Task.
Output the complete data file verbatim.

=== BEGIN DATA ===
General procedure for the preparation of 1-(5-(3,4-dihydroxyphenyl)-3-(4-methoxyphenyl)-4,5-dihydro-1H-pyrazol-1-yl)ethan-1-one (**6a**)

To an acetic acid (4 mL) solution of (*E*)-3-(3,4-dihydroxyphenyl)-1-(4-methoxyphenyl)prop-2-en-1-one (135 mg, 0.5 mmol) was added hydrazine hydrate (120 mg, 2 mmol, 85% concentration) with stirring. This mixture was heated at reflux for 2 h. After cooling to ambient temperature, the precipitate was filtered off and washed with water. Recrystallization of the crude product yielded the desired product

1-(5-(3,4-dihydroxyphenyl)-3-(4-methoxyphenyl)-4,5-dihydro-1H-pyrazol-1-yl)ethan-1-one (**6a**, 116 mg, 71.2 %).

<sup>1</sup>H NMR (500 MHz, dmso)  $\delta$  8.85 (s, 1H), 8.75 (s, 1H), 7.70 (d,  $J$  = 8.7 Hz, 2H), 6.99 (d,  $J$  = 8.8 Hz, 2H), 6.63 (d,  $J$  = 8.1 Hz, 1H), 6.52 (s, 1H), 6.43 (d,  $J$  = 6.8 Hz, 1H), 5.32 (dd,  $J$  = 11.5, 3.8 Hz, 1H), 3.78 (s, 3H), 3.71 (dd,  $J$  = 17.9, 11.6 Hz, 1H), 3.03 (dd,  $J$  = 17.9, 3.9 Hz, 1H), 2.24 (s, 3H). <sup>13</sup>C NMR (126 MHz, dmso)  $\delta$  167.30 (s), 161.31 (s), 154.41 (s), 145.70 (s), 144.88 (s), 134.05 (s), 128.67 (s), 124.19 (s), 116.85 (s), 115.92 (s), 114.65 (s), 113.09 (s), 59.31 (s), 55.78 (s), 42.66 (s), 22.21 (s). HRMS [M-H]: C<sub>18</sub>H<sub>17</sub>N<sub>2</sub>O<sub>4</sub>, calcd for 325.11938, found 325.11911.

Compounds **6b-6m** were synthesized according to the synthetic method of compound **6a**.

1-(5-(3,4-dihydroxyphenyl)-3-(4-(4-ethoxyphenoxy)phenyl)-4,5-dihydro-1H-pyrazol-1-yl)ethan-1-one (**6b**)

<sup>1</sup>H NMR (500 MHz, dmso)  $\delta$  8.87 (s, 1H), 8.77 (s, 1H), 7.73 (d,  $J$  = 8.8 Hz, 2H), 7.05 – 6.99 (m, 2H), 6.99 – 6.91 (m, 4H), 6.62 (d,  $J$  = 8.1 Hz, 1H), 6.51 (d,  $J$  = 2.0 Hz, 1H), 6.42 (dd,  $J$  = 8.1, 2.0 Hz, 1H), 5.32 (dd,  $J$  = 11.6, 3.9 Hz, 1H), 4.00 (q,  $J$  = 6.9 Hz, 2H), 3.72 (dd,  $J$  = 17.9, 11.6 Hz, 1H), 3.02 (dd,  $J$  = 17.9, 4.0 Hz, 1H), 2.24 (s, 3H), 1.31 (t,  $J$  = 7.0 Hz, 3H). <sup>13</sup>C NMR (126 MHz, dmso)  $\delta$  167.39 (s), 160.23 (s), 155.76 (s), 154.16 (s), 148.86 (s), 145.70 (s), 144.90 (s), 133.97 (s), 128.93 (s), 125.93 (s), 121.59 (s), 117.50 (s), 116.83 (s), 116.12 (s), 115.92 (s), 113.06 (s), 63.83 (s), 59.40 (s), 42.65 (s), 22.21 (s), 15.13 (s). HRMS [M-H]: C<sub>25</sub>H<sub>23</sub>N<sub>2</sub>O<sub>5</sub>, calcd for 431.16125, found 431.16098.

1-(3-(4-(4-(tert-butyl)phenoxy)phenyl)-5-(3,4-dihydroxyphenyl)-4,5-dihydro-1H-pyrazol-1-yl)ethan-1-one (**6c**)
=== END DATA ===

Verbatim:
General procedure for the preparation of 1-(5-(3,4-dihydroxyphenyl)-3-(4-methoxyphenyl)-4,5-dihydro-1H-pyrazol-1-yl)ethan-1-one (**6a**)

To an acetic acid (4 mL) solution of (*E*)-3-(3,4-dihydroxyphenyl)-1-(4-methoxyphenyl)prop-2-en-1-one (135 mg, 0.5 mmol) was added hydrazine hydrate (120 mg, 2 mmol, 85% concentration) with stirring. This mixture was heated at reflux for 2 h. After cooling to ambient temperature, the precipitate was filtered off and washed with water. Recrystallization of the crude product yielded the desired product

1-(5-(3,4-dihydroxyphenyl)-3-(4-methoxyphenyl)-4,5-dihydro-1H-pyrazol-1-yl)ethan-1-one (**6a**, 116 mg, 71.2 %).

<sup>1</sup>H NMR (500 MHz, dmso)  $\delta$  8.85 (s, 1H), 8.75 (s, 1H), 7.70 (d,  $J$  = 8.7 Hz, 2H), 6.99 (d,  $J$  = 8.8 Hz, 2H), 6.63 (d,  $J$  = 8.1 Hz, 1H), 6.52 (s, 1H), 6.43 (d,  $J$  = 6.8 Hz, 1H), 5.32 (dd,  $J$  = 11.5, 3.8 Hz, 1H), 3.78 (s, 3H), 3.71 (dd,  $J$  = 17.9, 11.6 Hz, 1H), 3.03 (dd,  $J$  = 17.9, 3.9 Hz, 1H), 2.24 (s, 3H). <sup>13</sup>C NMR (126 MHz, dmso)  $\delta$  167.30 (s), 161.31 (s), 154.41 (s), 145.70 (s), 144.88 (s), 134.05 (s), 128.67 (s), 124.19 (s), 116.85 (s), 115.92 (s), 114.65 (s), 113.09 (s), 59.31 (s), 55.78 (s), 42.66 (s), 22.21 (s). HRMS [M-H]: C<sub>18</sub>H<sub>17</sub>N<sub>2</sub>O<sub>4</sub>, calcd for 325.11938, found 325.11911.

Compounds **6b-6m** were synthesized according to the synthetic method of compound **6a**.

1-(5-(3,4-dihydroxyphenyl)-3-(4-(4-ethoxyphenoxy)phenyl)-4,5-dihydro-1H-pyrazol-1-yl)ethan-1-one (**6b**)

<sup>1</sup>H NMR (500 MHz, dmso)  $\delta$  8.87 (s, 1H), 8.77 (s, 1H), 7.73 (d,  $J$  = 8.8 Hz, 2H), 7.05 – 6.99 (m, 2H), 6.99 – 6.91 (m, 4H), 6.62 (d,  $J$  = 8.1 Hz, 1H), 6.51 (d,  $J$  = 2.0 Hz, 1H), 6.42 (dd,  $J$  = 8.1, 2.0 Hz, 1H), 5.32 (dd,  $J$  = 11.6, 3.9 Hz, 1H), 4.00 (q,  $J$  = 6.9 Hz, 2H), 3.72 (dd,  $J$  = 17.9, 11.6 Hz, 1H), 3.02 (dd,  $J$  = 17.9, 4.0 Hz, 1H), 2.24 (s, 3H), 1.31 (t,  $J$  = 7.0 Hz, 3H). <sup>13</sup>C NMR (126 MHz, dmso)  $\delta$  167.39 (s), 160.23 (s), 155.76 (s), 154.16 (s), 148.86 (s), 145.70 (s), 144.90 (s), 133.97 (s), 128.93 (s), 125.93 (s), 121.59 (s), 117.50 (s), 116.83 (s), 116.12 (s), 115.92 (s), 113.06 (s), 63.83 (s), 59.40 (s), 42.65 (s), 22.21 (s), 15.13 (s). HRMS [M-H]: C<sub>25</sub>H<sub>23</sub>N<sub>2</sub>O<sub>5</sub>, calcd for 431.16125, found 431.16098.

1-(3-(4-(4-(tert-butyl)phenoxy)phenyl)-5-(3,4-dihydroxyphenyl)-4,5-dihydro-1H-pyrazol-1-yl)ethan-1-one (**6c**)